Transcriptional Reversion of Cardiac Myocyte Fate During Mammalian Cardiac Regeneration
Rationale: Neonatal mice have the capacity to regenerate their hearts in response to injury, but this potential is lost after the first week of life. The transcriptional changes that underpin mammalian cardiac regeneration have not been fully characterized at the molecular level.
Objective: The objectives of our study were to determine if myocytes revert the transcriptional phenotype to a less differentiated state during regeneration and to systematically interrogate the transcriptional data to identify and validate potential regulators of this process.
Methods and Results: We derived a core transcriptional signature of injury-induced cardiac myocyte regeneration in mouse by comparing global transcriptional programs in a dynamic model of in vitro and in vivo cardiac myocyte differentiation, in vitro cardiac myocyte explant model, as well as a neonatal heart resection model. The regenerating mouse heart revealed a transcriptional reversion of cardiac myocyte differentiation processes including reactivation of latent developmental programs similar to those observed during de-stabilization of a mature cardiac myocyte phenotype in the explant model. We identified potential upstream regulators of the core network, including interleukin 13 (IL13), which induced cardiac myocyte cell cycle entry and STAT6/STAT3 signaling in vitro. We demonstrate that STAT3/periostin and STAT6 signaling are critical mediators of IL13 signaling in cardiac myocytes. These downstream signaling molecules are also modulated in the regenerating mouse heart.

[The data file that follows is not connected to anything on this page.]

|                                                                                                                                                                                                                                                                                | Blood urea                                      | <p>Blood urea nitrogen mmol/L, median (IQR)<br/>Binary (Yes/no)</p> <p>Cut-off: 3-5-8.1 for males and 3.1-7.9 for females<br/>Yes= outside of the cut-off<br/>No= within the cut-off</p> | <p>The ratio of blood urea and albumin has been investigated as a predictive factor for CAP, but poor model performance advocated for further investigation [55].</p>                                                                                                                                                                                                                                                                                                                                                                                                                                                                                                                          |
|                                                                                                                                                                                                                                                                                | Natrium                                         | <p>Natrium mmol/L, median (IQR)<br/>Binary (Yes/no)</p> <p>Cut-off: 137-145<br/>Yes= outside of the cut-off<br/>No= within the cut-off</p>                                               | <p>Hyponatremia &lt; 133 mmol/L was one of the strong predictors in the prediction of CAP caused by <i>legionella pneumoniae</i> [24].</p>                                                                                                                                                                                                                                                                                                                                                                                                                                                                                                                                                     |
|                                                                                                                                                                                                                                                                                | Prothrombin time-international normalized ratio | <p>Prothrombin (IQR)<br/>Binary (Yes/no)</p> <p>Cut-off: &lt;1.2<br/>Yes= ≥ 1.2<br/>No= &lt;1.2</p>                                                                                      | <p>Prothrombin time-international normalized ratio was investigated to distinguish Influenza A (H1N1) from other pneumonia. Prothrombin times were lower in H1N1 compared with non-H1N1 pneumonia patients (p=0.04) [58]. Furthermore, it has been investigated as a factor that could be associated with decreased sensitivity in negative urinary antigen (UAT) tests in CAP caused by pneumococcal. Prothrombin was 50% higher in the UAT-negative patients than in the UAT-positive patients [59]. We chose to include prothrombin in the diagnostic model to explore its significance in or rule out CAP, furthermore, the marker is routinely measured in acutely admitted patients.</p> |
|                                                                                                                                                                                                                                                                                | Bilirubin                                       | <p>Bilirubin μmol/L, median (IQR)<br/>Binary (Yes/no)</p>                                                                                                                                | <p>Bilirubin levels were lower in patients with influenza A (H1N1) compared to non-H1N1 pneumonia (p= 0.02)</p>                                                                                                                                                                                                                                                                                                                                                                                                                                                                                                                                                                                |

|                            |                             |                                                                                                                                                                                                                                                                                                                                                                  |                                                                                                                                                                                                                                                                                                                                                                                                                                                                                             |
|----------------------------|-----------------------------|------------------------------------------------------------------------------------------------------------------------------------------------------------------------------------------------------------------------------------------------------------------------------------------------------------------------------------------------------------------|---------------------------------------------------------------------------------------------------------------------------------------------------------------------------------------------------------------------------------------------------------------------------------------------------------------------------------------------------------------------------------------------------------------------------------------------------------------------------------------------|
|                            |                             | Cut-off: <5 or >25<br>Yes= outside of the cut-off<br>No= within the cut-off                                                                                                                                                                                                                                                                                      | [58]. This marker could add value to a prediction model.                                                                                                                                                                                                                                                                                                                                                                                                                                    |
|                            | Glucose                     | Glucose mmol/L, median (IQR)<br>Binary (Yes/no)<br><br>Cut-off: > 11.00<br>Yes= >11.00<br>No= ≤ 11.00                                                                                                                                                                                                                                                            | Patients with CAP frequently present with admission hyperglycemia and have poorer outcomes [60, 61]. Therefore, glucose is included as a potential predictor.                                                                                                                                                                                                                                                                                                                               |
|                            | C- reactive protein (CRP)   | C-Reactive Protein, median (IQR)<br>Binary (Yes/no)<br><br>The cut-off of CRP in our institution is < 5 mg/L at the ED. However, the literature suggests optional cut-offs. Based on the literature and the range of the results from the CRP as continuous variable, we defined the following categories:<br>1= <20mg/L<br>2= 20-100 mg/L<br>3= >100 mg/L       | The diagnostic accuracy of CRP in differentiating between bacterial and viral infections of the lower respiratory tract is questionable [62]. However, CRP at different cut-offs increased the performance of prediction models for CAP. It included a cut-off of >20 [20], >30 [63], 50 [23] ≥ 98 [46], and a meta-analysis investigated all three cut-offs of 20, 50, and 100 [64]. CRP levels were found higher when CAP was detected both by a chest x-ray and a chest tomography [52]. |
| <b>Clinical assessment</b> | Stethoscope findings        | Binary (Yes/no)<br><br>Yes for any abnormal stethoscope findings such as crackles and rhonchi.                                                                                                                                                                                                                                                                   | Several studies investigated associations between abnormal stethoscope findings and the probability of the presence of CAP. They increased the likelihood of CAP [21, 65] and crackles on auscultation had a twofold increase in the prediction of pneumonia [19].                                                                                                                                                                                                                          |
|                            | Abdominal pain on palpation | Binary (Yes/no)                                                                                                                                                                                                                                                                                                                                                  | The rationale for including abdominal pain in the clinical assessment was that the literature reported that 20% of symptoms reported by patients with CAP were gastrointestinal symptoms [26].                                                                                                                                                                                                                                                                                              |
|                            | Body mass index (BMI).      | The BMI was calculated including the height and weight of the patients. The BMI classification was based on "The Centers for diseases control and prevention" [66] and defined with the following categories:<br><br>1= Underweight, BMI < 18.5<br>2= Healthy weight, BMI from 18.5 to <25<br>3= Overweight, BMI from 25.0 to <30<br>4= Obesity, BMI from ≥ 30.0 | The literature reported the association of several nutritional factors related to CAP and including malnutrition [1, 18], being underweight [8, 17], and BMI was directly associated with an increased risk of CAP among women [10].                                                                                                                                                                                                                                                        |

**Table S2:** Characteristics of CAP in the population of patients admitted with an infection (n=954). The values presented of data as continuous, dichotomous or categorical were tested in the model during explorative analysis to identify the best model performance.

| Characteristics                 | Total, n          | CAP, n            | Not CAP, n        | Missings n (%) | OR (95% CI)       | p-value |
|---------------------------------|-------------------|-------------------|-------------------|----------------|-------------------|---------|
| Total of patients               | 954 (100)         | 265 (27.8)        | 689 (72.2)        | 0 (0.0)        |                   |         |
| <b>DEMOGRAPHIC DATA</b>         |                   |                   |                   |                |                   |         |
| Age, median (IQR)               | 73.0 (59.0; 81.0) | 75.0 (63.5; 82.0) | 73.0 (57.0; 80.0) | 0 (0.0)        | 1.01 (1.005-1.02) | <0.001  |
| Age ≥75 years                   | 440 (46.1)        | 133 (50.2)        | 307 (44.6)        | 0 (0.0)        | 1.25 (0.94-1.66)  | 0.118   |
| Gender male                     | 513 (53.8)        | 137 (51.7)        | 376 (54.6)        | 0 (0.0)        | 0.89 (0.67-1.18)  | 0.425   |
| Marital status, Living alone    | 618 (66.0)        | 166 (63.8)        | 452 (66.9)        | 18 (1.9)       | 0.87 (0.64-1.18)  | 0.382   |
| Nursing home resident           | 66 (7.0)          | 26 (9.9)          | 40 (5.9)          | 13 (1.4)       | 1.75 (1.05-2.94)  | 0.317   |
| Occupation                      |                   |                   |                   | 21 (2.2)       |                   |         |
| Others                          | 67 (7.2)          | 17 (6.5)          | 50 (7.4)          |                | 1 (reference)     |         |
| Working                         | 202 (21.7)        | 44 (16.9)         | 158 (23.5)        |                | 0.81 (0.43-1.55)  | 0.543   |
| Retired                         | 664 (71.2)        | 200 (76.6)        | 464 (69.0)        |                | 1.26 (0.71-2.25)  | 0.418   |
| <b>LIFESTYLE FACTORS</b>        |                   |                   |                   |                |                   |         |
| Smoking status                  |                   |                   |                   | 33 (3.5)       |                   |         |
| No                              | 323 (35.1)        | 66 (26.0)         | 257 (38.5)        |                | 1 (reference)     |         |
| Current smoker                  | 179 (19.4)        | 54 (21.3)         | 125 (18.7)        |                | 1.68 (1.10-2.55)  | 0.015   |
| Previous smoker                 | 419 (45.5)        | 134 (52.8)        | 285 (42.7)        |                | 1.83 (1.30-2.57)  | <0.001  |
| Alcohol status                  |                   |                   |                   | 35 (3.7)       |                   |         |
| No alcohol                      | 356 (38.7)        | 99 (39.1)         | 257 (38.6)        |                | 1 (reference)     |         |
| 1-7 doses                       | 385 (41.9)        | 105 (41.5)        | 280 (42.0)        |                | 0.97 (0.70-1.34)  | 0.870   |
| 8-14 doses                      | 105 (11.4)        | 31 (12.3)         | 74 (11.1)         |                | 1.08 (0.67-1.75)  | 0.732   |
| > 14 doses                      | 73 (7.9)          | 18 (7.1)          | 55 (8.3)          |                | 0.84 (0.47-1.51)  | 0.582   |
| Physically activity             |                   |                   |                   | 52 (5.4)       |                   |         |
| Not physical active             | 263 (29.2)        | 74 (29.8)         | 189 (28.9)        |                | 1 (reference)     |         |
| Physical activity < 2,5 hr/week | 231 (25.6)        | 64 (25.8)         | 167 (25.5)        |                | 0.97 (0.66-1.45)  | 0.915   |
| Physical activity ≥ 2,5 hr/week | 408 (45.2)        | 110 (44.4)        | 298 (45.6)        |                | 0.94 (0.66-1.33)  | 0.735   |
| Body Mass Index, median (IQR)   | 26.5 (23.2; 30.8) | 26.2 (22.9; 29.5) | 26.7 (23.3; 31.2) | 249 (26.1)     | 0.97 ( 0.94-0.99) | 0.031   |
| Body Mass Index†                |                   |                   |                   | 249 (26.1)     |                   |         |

Conclusions: Our work reveals new insights into the transcriptional regulation of mammalian cardiac regeneration and provides the founding circuitry for identifying potential regulators for stimulating heart regeneration.
- Received April 25, 2014.
- Revision received December 2, 2014.
- Accepted December 4, 2014.